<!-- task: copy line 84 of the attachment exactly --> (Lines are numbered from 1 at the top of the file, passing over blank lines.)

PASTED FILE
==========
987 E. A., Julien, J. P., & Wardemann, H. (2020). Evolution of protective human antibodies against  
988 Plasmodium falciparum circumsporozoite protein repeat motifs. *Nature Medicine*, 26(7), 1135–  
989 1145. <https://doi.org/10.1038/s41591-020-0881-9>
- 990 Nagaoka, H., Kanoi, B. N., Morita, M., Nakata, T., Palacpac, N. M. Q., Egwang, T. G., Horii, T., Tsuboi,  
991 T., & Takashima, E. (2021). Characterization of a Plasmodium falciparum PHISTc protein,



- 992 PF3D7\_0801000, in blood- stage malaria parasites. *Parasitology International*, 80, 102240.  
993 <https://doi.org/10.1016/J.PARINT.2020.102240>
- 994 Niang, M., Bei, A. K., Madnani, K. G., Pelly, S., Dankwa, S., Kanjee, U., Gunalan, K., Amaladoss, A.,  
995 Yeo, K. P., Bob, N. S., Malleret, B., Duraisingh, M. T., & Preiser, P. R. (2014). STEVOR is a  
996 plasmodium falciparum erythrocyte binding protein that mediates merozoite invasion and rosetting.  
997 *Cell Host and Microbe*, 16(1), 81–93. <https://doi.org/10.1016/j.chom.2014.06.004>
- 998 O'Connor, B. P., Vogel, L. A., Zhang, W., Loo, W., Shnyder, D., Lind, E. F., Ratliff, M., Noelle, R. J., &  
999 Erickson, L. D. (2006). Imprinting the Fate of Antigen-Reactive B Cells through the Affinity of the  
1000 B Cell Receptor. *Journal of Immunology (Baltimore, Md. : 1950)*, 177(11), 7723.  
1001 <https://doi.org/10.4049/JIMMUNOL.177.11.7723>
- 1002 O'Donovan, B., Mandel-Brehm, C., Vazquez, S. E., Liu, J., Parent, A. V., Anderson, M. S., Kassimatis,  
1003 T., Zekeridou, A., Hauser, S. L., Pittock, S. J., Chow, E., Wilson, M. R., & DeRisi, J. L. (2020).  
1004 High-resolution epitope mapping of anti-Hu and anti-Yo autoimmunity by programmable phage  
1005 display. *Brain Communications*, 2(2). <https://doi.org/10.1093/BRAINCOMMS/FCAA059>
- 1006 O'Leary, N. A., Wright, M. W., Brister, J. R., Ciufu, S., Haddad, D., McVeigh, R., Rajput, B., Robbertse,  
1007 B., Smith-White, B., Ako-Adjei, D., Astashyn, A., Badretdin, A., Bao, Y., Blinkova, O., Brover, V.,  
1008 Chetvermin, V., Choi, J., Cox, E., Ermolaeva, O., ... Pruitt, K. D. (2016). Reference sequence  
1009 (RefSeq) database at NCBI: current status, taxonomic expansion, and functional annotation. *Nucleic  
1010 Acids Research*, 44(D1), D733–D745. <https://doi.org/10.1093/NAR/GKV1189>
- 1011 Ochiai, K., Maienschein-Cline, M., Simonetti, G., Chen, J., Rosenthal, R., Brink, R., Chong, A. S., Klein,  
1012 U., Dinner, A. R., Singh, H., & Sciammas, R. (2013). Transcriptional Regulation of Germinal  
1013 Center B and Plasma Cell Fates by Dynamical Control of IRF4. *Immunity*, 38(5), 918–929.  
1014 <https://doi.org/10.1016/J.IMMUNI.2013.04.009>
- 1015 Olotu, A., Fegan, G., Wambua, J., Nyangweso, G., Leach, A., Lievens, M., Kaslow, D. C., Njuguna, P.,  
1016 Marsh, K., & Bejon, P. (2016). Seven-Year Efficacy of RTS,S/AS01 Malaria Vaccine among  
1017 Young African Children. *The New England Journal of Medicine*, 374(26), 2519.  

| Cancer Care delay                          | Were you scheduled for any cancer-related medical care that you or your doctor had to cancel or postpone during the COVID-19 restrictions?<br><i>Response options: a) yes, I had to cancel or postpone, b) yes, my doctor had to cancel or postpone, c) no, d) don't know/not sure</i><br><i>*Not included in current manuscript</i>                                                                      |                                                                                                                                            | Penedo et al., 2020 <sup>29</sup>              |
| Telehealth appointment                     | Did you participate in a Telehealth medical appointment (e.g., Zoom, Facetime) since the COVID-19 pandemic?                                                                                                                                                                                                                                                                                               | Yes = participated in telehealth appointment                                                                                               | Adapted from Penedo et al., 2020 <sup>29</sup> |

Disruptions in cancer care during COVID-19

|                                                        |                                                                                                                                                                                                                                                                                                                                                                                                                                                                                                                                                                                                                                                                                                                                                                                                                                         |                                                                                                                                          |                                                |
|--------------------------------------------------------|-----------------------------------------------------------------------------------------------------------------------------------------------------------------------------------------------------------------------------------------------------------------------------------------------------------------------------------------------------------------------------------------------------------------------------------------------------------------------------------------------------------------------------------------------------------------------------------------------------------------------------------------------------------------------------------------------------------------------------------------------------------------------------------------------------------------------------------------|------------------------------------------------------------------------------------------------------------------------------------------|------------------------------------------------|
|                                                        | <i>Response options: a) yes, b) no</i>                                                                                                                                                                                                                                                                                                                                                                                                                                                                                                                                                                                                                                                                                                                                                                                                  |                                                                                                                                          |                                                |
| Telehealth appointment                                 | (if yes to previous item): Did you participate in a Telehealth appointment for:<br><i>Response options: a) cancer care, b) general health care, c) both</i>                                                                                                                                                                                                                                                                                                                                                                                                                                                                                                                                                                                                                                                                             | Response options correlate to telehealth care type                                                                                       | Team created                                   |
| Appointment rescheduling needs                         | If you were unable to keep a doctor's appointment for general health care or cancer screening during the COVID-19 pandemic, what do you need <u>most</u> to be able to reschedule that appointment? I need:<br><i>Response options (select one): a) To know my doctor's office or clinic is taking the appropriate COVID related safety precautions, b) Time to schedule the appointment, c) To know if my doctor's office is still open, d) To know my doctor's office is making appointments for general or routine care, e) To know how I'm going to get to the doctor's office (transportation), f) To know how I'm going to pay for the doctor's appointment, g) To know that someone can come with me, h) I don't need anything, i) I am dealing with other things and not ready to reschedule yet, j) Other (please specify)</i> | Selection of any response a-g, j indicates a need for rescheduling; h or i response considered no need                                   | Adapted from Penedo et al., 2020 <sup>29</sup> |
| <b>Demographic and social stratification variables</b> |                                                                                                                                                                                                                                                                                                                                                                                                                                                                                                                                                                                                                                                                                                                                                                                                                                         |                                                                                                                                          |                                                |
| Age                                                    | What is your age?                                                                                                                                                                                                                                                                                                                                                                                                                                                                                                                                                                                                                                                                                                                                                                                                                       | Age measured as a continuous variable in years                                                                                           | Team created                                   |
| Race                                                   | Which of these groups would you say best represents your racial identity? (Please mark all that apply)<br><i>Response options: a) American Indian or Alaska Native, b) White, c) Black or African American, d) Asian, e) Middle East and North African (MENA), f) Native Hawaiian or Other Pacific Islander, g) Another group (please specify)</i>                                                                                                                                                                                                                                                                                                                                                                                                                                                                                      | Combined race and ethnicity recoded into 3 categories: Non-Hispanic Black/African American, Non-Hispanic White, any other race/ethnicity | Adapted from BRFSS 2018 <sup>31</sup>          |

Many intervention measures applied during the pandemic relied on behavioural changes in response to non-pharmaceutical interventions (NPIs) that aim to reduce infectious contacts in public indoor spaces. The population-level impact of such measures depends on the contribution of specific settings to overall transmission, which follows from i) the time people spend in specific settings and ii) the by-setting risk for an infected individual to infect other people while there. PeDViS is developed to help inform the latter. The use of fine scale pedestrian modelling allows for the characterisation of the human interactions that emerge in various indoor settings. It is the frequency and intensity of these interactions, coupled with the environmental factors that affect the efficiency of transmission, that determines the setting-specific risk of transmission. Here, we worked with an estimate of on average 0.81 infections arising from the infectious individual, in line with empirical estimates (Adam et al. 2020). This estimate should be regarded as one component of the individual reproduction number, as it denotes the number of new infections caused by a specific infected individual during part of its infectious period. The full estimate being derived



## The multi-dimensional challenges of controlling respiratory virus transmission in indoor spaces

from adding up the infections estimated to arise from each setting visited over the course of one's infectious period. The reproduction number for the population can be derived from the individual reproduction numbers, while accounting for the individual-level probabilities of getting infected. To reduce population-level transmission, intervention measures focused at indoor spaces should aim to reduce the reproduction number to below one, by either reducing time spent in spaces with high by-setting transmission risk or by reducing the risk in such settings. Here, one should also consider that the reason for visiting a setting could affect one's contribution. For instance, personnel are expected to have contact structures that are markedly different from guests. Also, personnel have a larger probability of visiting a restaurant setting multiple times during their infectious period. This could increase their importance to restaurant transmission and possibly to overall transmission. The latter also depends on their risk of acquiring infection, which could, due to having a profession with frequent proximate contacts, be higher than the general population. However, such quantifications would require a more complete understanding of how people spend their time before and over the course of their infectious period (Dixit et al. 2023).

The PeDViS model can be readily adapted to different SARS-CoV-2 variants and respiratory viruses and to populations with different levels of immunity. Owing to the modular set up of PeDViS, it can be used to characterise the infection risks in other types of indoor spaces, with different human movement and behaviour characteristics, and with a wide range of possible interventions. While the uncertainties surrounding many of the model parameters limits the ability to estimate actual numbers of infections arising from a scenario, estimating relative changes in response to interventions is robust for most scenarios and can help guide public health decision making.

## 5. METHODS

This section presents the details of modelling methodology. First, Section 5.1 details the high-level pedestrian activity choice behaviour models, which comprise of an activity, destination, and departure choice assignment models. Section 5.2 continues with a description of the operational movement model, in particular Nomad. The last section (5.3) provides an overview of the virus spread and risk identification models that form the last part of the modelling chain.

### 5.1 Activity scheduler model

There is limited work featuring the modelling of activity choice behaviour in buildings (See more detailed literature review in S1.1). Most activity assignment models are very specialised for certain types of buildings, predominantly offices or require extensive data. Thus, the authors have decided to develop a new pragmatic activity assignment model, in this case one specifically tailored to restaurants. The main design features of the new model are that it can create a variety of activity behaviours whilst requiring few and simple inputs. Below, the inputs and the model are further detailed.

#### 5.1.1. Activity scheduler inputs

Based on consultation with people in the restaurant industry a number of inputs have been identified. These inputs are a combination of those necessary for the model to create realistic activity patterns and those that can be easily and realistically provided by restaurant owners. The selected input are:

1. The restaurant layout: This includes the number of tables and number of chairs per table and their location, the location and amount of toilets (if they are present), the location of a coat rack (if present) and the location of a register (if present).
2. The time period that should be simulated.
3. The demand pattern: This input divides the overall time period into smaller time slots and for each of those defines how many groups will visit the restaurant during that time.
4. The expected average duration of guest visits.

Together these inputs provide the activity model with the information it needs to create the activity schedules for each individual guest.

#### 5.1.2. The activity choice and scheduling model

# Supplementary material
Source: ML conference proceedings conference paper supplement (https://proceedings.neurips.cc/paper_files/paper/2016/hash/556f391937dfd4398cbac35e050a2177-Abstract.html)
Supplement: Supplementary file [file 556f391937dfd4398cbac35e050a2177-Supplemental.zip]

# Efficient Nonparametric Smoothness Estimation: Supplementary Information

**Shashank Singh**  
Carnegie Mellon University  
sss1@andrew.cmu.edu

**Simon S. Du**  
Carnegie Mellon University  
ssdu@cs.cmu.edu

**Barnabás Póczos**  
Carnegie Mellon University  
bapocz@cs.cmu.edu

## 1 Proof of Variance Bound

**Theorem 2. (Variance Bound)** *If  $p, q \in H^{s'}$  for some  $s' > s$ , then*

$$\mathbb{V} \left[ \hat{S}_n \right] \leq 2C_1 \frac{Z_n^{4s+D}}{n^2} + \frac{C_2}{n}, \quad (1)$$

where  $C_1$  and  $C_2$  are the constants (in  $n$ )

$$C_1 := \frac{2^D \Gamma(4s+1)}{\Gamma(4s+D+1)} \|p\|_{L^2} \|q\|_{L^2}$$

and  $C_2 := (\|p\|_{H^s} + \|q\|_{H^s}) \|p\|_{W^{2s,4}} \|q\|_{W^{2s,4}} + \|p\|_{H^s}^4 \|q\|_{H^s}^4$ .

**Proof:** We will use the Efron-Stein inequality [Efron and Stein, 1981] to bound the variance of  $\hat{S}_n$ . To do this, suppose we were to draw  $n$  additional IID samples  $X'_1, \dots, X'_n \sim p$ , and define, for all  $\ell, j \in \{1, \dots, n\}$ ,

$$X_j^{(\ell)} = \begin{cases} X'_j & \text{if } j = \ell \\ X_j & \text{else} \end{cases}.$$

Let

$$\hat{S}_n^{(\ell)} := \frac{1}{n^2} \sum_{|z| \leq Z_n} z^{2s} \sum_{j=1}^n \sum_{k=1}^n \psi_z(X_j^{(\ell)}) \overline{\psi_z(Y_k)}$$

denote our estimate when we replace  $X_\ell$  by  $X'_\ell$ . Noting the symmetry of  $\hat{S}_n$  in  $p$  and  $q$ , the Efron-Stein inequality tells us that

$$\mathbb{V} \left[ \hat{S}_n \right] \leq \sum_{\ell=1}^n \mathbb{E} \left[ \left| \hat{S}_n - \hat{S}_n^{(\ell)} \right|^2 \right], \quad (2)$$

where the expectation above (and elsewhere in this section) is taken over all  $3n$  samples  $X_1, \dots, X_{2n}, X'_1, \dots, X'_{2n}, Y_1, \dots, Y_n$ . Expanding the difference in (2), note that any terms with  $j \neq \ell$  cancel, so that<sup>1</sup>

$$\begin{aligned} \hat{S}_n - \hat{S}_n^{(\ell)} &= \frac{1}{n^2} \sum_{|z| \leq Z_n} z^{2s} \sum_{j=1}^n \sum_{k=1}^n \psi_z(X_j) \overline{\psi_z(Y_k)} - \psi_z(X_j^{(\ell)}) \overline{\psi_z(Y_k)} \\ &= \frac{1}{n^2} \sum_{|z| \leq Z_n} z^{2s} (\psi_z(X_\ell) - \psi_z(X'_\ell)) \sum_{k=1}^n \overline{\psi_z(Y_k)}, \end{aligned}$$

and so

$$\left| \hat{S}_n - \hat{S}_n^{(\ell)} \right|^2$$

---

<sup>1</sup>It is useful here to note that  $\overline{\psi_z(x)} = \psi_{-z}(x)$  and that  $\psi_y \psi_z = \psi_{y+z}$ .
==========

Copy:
where the expectation above (and elsewhere in this section) is taken over all  $3n$  samples  $X_1, \dots, X_{2n}, X'_1, \dots, X'_{2n}, Y_1, \dots, Y_n$ . Expanding the difference in (2), note that any terms with  $j \neq \ell$  cancel, so that<sup>1</sup>